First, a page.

ATOD Use During the COVID-19 Pandemic Among Adolescents
The COVID-19 pandemic created several changes to the daily lives of adolescents, including, but not limited, to altering the risk factors associated with alcohol, tobacco, and other drug (ATOD) use. The purpose of this study was to examine any changes in the frequency of ATOD use and perceptions of ease of availability of ATOD. Additionally, this study investigated if there was a correlation between the stress of COVID-19 and ATOD use and if adolescents who saw ATOD use on social media or online were more likely to use themselves. Secondary data from a longitudinal study that was collected in the spring of 2020 and fall of 2020 was utilized for this study. A random sample of students in grades 7th through 12th were recruited from their public schools throughout Riverside County, California. In spring 2020, participants completed a paper and pencil survey, and in fall 2020, they completed an online survey. Results indicated that that there was no change in ATOD use or perceptions of ease of access to ATOD from spring 2020 (pre-COVID-19) to fall 2020 (in-COVID-19). No correlation was found between stress during the COVID-19 pandemic and adolescent ATOD use. This study did find that adolescents who reported seeing their friends use ATOD through social media or other online contexts were more likely to use ATOD. The results of this study suggested that future research should examine the role of social upheaval, social media use, and peer affiliation needs related to adolescent ATOD use.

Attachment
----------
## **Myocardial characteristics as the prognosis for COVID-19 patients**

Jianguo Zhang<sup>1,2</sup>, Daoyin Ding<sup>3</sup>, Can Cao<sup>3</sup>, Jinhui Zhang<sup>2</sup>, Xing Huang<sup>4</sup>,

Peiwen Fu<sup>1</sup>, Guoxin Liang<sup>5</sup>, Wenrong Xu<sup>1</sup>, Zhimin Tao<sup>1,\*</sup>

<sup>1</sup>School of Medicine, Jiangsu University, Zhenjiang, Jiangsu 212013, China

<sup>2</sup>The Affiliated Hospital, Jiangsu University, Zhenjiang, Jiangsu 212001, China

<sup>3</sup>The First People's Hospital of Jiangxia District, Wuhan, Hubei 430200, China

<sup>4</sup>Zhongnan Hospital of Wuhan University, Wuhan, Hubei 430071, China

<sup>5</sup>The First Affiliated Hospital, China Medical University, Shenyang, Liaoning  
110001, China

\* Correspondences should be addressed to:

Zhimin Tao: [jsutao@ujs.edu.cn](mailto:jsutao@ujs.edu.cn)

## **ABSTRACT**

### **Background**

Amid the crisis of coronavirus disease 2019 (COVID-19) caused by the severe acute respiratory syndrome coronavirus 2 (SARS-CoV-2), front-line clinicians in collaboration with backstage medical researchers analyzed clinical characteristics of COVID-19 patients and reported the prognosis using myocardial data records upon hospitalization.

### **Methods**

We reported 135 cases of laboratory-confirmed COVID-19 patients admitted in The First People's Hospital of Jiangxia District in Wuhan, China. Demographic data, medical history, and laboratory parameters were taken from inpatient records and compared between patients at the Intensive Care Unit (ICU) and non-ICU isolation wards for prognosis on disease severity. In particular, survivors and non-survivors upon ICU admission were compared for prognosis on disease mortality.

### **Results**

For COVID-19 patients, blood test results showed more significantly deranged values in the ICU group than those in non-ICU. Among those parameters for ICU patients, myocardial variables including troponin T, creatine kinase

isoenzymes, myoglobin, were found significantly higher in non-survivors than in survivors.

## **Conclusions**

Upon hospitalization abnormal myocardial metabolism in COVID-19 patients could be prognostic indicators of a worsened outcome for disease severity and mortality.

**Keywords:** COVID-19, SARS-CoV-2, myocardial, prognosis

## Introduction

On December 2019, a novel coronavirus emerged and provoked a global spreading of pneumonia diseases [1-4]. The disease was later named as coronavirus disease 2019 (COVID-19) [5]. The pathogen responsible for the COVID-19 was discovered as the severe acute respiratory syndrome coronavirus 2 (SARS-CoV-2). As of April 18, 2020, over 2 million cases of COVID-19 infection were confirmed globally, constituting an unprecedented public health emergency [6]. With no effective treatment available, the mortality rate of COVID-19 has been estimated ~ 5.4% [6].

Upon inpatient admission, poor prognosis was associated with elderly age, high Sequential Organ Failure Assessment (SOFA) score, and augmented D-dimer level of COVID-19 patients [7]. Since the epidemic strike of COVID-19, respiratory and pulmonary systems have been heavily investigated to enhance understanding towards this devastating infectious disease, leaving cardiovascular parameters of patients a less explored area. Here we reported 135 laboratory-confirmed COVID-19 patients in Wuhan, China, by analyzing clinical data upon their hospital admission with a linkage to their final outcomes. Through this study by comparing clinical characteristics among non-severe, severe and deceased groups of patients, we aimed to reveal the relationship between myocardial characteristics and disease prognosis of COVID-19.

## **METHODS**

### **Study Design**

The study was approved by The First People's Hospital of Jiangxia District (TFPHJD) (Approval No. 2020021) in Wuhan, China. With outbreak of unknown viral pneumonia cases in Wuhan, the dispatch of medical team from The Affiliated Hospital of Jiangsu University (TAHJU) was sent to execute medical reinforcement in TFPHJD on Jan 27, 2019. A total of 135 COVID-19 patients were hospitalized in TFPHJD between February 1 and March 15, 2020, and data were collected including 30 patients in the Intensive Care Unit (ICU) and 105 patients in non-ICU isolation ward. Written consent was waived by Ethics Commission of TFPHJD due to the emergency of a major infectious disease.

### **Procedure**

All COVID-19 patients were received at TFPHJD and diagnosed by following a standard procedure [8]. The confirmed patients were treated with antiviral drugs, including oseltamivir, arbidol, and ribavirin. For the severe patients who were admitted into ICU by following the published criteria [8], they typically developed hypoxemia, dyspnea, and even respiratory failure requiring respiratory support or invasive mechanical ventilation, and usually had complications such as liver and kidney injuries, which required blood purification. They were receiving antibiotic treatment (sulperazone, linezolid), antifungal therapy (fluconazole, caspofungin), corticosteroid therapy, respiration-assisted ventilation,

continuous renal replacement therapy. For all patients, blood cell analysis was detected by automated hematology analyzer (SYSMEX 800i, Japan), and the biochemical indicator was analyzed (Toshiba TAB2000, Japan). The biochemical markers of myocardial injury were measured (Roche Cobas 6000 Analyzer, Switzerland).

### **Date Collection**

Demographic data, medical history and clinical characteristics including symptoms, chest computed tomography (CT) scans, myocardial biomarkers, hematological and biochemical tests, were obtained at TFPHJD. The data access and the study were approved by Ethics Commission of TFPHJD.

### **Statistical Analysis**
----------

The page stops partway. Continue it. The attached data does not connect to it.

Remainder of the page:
A thesis submitted in partial fulfillment of the requirements for the degree Master of Public Health